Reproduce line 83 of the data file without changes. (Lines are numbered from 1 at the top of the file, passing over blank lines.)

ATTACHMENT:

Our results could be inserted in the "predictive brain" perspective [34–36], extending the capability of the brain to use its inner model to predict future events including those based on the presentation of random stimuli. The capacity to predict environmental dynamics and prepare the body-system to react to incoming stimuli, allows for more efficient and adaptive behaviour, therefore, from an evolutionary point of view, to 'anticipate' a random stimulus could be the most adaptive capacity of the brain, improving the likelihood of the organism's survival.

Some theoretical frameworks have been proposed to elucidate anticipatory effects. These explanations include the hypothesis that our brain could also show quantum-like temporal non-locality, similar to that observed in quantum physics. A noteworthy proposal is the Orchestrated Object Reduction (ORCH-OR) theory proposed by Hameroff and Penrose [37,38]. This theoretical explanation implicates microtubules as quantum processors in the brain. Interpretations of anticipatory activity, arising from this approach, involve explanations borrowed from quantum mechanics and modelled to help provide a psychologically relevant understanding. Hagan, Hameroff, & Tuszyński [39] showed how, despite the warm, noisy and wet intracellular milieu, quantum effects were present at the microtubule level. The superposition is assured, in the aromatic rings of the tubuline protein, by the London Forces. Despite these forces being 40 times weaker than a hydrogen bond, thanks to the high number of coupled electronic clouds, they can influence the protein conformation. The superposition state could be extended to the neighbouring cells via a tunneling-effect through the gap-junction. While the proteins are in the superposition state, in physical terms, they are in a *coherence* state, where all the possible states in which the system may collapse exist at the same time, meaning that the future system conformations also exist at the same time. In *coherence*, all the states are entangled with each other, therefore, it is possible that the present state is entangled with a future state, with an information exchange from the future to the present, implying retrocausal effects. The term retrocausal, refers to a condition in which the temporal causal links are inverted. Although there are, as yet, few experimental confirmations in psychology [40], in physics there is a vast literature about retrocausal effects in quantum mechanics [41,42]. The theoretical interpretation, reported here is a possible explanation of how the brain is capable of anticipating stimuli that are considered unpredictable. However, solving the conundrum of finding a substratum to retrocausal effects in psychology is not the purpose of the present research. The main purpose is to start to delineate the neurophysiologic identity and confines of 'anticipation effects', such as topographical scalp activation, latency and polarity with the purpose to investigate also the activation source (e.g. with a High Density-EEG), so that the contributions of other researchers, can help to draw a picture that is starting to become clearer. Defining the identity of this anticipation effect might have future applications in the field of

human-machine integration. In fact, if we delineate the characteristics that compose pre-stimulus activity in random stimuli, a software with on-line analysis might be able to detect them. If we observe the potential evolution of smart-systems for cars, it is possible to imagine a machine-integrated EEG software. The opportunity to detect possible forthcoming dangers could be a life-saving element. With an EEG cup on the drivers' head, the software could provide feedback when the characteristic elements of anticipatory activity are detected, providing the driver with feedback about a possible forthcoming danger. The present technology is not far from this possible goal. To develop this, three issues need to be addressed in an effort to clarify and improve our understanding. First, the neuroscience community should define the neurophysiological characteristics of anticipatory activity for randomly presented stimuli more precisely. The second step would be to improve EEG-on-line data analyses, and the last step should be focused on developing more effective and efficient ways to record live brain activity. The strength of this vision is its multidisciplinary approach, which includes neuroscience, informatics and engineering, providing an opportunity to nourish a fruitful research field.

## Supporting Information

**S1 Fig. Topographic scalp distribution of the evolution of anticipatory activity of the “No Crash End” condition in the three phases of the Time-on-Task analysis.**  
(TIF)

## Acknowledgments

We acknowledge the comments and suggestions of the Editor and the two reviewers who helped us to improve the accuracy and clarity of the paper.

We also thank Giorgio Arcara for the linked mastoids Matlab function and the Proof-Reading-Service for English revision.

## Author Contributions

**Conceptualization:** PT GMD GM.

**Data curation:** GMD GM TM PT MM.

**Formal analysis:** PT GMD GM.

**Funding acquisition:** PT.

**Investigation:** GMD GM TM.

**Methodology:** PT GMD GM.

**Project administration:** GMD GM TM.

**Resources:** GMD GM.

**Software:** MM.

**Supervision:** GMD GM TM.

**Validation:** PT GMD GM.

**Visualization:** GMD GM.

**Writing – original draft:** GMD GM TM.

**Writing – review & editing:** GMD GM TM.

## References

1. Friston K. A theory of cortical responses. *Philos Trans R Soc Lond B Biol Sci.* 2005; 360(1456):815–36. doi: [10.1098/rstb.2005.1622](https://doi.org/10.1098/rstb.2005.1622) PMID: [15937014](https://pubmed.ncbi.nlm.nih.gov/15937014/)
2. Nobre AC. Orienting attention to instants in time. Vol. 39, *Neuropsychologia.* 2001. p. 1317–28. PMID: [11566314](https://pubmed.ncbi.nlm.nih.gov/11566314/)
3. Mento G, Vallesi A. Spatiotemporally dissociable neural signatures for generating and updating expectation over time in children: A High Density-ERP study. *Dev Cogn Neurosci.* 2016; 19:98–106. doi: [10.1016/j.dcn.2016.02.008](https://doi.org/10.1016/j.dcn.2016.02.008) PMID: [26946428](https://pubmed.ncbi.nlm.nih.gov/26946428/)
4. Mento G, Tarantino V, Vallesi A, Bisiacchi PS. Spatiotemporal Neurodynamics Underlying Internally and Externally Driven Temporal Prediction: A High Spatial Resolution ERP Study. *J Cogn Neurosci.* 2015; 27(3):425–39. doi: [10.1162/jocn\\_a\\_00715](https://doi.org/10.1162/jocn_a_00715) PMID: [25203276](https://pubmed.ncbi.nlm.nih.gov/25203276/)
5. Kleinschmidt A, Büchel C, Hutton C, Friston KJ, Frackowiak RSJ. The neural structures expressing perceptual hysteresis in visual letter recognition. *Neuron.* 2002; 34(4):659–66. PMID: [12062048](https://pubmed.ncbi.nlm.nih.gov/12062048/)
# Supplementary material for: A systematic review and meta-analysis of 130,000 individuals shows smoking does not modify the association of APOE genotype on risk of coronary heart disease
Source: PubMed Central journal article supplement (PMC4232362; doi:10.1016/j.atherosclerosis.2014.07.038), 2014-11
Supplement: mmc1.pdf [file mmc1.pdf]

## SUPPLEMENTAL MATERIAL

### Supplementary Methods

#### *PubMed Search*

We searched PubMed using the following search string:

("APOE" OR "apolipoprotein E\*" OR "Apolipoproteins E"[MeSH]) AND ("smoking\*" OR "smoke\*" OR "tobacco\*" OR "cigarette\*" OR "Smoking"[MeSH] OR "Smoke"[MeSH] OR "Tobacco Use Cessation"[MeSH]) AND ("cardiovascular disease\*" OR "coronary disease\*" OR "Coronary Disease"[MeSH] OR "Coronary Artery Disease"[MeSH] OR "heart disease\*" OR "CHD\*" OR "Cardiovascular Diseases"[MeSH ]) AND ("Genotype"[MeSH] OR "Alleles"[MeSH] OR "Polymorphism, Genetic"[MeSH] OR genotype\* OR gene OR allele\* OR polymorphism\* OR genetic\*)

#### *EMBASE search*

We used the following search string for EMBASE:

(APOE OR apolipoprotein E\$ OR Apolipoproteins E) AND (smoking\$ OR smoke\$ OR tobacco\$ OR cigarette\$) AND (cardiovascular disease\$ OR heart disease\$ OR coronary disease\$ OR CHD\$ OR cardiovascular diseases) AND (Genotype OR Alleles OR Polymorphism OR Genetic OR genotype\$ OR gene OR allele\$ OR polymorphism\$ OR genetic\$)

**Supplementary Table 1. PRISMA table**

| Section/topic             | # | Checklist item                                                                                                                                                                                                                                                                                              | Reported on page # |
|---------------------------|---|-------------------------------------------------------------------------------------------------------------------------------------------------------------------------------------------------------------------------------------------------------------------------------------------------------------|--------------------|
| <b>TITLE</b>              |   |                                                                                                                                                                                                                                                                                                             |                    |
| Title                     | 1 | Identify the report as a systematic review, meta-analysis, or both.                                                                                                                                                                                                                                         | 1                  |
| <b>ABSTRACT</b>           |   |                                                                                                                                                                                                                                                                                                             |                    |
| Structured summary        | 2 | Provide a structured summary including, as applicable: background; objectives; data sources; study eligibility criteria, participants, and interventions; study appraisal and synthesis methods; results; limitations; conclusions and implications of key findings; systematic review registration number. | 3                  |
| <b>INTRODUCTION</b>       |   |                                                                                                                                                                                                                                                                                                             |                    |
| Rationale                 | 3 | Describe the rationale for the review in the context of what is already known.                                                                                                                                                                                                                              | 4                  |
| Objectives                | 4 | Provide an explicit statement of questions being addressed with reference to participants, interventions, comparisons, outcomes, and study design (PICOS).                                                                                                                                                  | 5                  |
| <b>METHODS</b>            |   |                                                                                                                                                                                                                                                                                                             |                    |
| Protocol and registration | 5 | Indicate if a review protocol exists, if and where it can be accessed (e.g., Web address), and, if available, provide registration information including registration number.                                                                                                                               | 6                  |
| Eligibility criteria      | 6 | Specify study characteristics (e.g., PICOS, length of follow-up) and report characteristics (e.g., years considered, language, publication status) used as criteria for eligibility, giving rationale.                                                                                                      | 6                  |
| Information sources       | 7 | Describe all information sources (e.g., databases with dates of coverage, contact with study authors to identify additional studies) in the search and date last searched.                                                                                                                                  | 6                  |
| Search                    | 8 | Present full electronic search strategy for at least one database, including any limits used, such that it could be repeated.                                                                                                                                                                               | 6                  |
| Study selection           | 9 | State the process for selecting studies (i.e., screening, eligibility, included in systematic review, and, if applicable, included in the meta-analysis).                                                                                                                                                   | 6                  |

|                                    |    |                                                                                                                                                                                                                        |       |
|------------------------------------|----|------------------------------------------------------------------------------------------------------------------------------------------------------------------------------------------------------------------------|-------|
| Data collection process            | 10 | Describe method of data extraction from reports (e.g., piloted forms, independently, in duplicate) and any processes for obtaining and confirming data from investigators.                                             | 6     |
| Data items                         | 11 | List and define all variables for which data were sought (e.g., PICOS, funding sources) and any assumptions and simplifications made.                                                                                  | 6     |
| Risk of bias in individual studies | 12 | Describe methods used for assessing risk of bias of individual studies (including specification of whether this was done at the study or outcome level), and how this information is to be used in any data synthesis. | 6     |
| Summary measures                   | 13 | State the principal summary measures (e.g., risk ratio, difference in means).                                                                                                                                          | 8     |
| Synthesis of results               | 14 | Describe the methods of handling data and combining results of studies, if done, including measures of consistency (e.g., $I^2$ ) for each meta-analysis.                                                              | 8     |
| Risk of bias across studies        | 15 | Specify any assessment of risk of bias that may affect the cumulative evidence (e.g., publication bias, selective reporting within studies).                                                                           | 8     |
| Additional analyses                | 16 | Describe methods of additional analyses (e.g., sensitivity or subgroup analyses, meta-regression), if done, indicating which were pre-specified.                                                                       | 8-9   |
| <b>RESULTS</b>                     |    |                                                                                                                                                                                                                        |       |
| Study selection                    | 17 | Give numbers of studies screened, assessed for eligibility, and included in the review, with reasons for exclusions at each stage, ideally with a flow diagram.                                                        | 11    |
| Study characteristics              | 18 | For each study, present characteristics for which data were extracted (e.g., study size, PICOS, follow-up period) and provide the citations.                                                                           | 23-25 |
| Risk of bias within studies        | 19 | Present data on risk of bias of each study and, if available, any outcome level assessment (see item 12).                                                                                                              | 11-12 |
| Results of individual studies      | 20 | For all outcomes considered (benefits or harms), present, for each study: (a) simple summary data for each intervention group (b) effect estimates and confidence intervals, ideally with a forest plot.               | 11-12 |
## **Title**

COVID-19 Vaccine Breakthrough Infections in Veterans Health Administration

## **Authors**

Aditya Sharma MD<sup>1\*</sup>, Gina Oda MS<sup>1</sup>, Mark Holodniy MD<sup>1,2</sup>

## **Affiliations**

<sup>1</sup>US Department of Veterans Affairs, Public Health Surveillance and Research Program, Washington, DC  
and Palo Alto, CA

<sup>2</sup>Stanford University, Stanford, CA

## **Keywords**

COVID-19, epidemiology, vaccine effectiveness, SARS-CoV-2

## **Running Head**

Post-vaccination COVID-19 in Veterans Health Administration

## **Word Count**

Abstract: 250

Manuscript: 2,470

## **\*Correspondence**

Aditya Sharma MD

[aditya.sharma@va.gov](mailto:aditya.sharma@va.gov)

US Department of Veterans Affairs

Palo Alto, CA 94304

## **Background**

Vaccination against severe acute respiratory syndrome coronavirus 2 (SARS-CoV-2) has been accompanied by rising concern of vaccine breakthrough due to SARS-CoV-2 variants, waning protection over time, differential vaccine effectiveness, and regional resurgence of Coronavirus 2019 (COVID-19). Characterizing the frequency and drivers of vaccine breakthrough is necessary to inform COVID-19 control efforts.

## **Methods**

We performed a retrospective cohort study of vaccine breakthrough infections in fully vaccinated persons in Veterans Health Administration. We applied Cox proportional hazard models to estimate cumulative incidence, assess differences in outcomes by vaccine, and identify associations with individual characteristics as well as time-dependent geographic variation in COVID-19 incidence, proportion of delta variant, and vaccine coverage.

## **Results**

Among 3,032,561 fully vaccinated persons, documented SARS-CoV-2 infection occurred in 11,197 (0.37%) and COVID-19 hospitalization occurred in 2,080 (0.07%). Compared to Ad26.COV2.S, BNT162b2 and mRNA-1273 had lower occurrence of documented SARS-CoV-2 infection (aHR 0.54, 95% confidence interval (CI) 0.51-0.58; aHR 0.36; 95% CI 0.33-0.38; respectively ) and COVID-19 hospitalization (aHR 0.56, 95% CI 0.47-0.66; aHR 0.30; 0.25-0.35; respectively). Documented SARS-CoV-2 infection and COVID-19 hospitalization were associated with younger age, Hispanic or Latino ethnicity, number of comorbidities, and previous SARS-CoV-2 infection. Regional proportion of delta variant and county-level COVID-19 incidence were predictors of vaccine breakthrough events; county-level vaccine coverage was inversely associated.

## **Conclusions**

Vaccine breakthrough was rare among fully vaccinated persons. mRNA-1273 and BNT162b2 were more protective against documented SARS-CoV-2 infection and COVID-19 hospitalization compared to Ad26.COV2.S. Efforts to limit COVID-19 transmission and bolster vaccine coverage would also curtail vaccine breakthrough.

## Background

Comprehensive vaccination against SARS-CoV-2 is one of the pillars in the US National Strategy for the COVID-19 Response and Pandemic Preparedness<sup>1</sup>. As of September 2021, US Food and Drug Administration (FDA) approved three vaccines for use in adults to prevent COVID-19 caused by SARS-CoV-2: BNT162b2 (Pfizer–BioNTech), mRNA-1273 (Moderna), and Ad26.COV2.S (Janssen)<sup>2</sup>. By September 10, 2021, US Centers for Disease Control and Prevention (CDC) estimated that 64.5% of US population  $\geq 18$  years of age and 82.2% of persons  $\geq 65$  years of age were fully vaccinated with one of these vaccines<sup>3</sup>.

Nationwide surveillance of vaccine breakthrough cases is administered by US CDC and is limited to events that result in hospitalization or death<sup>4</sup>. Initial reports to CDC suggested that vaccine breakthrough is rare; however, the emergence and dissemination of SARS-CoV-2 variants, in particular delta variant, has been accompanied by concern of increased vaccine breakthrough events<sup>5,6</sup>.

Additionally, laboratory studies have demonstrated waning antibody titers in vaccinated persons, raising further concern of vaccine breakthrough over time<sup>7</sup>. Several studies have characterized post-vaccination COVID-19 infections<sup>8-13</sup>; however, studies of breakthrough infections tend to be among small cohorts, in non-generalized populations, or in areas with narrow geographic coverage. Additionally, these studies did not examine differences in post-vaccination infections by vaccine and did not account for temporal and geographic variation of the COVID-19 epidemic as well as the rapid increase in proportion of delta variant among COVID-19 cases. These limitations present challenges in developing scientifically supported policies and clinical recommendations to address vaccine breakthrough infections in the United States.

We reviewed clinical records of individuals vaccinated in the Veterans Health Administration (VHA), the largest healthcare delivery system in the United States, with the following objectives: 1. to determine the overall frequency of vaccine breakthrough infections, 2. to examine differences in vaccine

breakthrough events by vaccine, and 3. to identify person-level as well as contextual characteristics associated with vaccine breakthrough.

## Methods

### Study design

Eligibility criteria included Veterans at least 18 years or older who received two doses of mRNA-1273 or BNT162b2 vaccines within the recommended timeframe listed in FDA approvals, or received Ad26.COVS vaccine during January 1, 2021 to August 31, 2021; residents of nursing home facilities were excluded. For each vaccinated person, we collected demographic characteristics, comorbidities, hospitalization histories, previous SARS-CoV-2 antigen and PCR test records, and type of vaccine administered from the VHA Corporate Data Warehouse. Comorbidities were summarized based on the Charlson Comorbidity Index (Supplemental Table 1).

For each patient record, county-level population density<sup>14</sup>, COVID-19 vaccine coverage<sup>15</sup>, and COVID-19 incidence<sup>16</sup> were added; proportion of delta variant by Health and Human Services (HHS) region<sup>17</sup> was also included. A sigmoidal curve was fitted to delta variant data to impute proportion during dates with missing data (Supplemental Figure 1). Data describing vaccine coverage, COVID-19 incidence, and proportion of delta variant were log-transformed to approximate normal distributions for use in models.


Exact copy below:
Post-vaccination COVID-19 in Veterans Health Administration